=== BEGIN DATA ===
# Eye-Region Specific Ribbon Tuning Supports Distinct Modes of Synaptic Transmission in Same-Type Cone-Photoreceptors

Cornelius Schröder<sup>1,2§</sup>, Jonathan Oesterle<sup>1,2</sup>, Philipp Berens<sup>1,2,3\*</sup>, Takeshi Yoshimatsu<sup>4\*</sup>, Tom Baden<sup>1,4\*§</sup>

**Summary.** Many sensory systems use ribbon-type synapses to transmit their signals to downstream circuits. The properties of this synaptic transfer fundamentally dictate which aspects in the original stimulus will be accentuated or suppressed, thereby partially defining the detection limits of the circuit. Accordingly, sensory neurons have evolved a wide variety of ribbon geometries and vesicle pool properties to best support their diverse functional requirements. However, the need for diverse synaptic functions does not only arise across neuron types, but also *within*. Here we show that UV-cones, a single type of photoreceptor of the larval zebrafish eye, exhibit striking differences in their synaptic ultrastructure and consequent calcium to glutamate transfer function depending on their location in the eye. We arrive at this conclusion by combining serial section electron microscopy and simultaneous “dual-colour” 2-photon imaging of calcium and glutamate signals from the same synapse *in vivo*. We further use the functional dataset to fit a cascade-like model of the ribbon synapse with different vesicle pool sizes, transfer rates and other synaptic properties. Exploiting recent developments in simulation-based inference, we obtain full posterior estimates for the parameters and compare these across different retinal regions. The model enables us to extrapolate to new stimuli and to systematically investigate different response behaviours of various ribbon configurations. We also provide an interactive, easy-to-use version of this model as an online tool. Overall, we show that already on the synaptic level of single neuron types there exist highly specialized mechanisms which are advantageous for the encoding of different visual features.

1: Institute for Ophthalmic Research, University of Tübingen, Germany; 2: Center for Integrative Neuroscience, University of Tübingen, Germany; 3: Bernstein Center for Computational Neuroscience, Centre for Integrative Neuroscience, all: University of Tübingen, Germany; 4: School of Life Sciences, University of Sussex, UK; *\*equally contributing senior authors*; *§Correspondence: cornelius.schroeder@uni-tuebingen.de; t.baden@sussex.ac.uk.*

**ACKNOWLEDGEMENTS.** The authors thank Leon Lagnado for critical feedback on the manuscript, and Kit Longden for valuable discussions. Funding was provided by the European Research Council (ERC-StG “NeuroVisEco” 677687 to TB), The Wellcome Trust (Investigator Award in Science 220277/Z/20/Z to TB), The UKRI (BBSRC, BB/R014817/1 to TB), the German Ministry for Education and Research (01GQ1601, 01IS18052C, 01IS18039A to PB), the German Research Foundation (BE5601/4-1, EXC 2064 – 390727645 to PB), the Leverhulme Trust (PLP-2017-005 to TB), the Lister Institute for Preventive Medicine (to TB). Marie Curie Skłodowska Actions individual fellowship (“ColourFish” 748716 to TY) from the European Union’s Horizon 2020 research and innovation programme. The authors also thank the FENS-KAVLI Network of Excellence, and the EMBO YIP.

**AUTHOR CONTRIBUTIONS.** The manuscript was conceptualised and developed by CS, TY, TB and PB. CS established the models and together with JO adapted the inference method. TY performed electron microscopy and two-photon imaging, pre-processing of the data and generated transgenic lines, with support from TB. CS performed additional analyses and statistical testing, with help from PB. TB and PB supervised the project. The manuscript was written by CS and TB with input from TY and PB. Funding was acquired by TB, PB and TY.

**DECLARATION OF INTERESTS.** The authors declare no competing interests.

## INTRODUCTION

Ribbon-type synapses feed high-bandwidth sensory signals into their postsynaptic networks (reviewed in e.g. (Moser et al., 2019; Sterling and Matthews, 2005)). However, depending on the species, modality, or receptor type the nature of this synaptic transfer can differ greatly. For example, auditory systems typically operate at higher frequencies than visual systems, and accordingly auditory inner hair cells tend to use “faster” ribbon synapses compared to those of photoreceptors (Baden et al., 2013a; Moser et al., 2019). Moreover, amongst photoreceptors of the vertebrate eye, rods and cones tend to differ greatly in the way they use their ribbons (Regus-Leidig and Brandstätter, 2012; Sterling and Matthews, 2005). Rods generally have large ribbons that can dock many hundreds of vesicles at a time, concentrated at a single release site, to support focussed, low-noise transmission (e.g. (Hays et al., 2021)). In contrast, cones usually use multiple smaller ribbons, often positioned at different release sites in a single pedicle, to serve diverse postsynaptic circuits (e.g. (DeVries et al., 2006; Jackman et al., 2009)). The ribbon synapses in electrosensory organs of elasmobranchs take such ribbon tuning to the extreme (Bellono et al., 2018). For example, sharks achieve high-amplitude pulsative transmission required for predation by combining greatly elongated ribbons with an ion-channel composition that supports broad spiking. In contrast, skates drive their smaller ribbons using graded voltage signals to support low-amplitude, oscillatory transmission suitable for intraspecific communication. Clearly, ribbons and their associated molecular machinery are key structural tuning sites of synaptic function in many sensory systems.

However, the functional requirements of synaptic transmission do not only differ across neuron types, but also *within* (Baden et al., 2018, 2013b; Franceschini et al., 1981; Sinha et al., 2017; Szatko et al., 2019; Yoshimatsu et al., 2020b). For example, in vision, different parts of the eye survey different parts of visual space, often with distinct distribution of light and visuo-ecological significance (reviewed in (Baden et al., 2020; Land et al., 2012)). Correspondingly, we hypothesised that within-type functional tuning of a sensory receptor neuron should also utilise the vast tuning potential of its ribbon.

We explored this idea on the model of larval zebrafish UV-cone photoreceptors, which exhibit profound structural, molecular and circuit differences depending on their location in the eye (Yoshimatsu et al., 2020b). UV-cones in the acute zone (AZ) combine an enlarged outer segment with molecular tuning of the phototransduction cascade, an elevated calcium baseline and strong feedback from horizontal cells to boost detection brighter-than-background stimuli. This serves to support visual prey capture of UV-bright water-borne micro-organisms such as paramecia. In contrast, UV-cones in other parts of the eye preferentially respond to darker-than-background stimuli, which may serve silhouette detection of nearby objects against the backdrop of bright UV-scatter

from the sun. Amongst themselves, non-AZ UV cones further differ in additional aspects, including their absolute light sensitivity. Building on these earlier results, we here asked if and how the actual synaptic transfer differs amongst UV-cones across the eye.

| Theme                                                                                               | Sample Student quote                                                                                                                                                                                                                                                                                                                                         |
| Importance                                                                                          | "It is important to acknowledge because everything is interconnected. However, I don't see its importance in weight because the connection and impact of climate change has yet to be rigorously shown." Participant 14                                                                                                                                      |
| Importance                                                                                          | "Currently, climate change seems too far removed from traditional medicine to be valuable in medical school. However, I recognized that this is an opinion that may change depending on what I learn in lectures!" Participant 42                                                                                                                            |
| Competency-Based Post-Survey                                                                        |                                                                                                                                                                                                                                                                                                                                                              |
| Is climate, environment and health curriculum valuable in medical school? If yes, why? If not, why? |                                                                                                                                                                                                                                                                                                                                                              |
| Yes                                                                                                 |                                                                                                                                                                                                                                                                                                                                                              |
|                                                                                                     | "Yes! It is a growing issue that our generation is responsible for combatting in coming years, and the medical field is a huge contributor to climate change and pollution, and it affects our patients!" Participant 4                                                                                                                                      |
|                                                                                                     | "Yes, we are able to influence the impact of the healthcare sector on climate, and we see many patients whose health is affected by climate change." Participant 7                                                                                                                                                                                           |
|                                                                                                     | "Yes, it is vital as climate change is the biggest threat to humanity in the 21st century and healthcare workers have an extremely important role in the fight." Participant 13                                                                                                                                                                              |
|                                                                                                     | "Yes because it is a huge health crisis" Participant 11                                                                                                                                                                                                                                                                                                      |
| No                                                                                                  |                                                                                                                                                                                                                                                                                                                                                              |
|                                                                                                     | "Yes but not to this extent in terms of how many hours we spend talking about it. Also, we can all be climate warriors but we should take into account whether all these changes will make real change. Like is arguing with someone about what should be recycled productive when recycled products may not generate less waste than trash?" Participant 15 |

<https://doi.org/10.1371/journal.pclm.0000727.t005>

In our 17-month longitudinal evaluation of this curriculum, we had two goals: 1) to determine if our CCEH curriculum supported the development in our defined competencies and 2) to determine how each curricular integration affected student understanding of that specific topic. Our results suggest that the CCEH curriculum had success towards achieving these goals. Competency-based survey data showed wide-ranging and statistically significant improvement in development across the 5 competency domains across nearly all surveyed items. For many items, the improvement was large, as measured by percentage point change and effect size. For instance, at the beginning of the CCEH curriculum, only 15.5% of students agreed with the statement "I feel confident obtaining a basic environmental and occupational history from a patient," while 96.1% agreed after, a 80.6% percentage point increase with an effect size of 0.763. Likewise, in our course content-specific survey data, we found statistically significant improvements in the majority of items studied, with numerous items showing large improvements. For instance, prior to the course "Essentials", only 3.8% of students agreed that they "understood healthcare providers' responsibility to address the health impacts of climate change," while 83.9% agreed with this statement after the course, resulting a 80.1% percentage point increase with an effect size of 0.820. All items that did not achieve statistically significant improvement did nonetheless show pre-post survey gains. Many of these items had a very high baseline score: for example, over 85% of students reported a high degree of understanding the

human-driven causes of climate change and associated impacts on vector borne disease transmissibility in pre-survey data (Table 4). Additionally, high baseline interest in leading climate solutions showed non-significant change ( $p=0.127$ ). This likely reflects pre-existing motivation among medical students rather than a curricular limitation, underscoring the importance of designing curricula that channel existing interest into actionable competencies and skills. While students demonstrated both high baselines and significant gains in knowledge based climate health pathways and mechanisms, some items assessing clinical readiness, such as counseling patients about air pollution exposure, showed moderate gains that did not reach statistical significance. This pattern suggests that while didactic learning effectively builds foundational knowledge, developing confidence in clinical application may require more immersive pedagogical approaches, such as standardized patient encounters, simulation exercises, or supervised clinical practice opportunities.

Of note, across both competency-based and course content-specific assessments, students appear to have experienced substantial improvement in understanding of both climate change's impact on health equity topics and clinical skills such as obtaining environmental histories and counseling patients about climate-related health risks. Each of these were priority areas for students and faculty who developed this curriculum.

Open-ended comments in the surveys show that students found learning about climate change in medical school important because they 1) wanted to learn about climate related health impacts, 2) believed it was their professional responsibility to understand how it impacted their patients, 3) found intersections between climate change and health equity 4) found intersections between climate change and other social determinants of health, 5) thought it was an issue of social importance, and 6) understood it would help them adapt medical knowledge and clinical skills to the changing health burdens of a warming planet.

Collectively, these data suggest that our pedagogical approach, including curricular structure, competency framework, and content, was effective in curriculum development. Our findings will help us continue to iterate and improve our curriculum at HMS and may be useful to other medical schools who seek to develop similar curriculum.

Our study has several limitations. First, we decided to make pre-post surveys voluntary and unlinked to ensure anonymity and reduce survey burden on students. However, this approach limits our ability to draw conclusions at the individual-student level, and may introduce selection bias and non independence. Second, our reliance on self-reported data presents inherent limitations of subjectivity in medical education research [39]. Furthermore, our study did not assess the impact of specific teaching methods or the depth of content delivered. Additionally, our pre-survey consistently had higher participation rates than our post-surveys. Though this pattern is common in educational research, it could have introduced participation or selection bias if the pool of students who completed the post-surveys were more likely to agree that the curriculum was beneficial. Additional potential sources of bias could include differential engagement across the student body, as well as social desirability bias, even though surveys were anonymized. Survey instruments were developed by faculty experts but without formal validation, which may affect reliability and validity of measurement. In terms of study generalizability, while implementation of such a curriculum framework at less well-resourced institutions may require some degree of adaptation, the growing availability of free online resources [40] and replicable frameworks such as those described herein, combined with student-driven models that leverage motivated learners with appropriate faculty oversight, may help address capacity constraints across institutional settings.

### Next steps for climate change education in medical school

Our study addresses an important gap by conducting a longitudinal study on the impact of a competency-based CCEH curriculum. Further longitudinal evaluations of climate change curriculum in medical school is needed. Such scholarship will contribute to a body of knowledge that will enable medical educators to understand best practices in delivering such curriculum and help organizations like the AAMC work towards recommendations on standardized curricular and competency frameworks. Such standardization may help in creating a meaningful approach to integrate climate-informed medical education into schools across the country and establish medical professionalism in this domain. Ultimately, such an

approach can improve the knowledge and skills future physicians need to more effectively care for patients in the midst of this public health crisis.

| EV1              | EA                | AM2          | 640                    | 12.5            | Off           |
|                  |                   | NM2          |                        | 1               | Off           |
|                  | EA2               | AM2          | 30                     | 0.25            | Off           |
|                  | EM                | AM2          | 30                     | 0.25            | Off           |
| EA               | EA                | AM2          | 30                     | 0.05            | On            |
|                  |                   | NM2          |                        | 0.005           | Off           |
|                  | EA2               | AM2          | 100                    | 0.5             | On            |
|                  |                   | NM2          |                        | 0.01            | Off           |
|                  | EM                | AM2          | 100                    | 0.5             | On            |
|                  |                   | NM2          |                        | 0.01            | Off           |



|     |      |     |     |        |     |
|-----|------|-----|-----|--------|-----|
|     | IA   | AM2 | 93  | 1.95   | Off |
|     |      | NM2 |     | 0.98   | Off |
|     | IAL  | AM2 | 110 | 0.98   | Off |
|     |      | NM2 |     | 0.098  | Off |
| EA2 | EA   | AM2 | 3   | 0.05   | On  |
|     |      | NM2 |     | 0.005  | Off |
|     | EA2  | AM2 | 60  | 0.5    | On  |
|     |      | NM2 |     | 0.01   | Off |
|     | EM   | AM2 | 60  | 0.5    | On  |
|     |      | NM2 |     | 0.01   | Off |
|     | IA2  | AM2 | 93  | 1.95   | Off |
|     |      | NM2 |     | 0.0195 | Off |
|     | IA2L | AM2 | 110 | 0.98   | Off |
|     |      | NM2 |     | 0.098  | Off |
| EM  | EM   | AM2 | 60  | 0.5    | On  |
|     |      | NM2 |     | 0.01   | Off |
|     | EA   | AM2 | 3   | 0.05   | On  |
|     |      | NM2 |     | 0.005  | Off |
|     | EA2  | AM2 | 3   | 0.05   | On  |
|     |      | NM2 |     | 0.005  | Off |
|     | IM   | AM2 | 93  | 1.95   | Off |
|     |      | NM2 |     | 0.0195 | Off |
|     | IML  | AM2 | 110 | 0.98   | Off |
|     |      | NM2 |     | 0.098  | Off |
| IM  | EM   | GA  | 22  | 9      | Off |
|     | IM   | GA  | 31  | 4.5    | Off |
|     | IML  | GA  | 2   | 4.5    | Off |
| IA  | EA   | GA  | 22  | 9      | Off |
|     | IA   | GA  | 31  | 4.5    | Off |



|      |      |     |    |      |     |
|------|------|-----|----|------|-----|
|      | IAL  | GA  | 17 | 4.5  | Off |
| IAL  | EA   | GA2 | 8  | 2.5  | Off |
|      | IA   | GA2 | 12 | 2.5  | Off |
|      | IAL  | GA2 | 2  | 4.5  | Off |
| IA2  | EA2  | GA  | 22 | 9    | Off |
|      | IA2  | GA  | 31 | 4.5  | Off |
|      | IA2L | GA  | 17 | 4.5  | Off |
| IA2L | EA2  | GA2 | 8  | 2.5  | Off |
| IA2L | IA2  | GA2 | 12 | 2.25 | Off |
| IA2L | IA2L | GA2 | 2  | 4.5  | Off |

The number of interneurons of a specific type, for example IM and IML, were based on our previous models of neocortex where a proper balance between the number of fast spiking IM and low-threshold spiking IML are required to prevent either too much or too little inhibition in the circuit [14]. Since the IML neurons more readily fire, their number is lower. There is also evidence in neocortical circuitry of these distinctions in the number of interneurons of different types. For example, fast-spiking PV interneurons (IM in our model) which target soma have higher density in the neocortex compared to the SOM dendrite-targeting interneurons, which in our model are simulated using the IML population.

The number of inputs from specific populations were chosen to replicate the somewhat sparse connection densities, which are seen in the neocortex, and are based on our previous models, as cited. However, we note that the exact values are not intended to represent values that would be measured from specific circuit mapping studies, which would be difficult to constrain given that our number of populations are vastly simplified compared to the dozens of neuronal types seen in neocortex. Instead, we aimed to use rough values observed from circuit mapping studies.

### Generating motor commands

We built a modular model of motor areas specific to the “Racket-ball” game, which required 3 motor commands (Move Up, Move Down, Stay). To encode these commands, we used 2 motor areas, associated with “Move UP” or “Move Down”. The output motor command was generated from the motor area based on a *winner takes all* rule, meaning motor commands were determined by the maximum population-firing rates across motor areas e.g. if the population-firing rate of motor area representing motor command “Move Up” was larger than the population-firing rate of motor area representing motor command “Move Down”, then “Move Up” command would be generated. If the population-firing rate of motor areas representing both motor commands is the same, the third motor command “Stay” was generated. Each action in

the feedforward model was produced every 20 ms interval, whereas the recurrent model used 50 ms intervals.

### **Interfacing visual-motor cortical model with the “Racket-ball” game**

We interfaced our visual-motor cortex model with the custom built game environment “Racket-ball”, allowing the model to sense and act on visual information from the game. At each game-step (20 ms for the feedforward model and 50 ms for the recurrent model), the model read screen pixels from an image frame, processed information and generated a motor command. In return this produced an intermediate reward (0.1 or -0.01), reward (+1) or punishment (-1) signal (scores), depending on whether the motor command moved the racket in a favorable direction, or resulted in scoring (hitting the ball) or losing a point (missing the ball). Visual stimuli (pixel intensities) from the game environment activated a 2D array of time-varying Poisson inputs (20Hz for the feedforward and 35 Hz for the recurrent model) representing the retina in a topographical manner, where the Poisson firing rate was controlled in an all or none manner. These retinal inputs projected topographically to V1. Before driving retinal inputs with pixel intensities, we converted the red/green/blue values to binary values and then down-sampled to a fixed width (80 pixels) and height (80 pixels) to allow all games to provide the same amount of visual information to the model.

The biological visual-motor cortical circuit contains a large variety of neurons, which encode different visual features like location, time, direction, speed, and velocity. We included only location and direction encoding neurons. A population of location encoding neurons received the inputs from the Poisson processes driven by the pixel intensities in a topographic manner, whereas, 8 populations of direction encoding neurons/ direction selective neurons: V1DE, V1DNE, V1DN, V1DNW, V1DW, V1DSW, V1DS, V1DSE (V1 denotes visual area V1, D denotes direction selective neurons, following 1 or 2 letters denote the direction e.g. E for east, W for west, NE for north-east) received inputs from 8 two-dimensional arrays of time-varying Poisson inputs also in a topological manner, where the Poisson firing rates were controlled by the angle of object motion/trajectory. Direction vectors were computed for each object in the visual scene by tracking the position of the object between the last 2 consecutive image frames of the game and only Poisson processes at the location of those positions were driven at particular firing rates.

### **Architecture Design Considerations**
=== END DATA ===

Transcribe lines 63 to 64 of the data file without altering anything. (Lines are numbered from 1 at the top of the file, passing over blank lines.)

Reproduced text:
|     | EA   | AM2 | 3   | 0.05   | On  |
|     |      | NM2 |     | 0.005  | Off |